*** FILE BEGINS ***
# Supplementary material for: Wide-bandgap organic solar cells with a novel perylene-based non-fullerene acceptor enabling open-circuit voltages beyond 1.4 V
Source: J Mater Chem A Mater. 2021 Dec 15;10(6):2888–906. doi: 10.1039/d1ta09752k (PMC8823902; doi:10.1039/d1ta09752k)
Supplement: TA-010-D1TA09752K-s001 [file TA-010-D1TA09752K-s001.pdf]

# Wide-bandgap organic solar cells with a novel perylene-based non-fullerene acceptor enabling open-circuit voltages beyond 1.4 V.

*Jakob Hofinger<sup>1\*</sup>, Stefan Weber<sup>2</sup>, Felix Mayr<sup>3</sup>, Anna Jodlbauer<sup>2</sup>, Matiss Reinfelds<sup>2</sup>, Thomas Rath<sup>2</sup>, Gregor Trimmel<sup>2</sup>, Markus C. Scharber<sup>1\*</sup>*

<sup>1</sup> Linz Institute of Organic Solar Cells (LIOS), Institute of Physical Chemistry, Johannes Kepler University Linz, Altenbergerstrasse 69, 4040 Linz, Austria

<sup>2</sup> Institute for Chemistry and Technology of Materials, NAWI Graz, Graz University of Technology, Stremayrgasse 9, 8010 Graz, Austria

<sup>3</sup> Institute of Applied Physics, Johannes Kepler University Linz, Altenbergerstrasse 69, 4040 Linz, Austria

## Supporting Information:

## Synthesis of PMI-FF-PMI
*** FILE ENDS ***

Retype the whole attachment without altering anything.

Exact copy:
# Supplementary material for: Wide-bandgap organic solar cells with a novel perylene-based non-fullerene acceptor enabling open-circuit voltages beyond 1.4 V
Source: J Mater Chem A Mater. 2021 Dec 15;10(6):2888–906. doi: 10.1039/d1ta09752k (PMC8823902; doi:10.1039/d1ta09752k)
Supplement: TA-010-D1TA09752K-s001 [file TA-010-D1TA09752K-s001.pdf]

# Wide-bandgap organic solar cells with a novel perylene-based non-fullerene acceptor enabling open-circuit voltages beyond 1.4 V.

*Jakob Hofinger<sup>1\*</sup>, Stefan Weber<sup>2</sup>, Felix Mayr<sup>3</sup>, Anna Jodlbauer<sup>2</sup>, Matiss Reinfelds<sup>2</sup>, Thomas Rath<sup>2</sup>, Gregor Trimmel<sup>2</sup>, Markus C. Scharber<sup>1\*</sup>*

<sup>1</sup> Linz Institute of Organic Solar Cells (LIOS), Institute of Physical Chemistry, Johannes Kepler University Linz, Altenbergerstrasse 69, 4040 Linz, Austria

<sup>2</sup> Institute for Chemistry and Technology of Materials, NAWI Graz, Graz University of Technology, Stremayrgasse 9, 8010 Graz, Austria

<sup>3</sup> Institute of Applied Physics, Johannes Kepler University Linz, Altenbergerstrasse 69, 4040 Linz, Austria

## Supporting Information:

## Synthesis of PMI-FF-PMI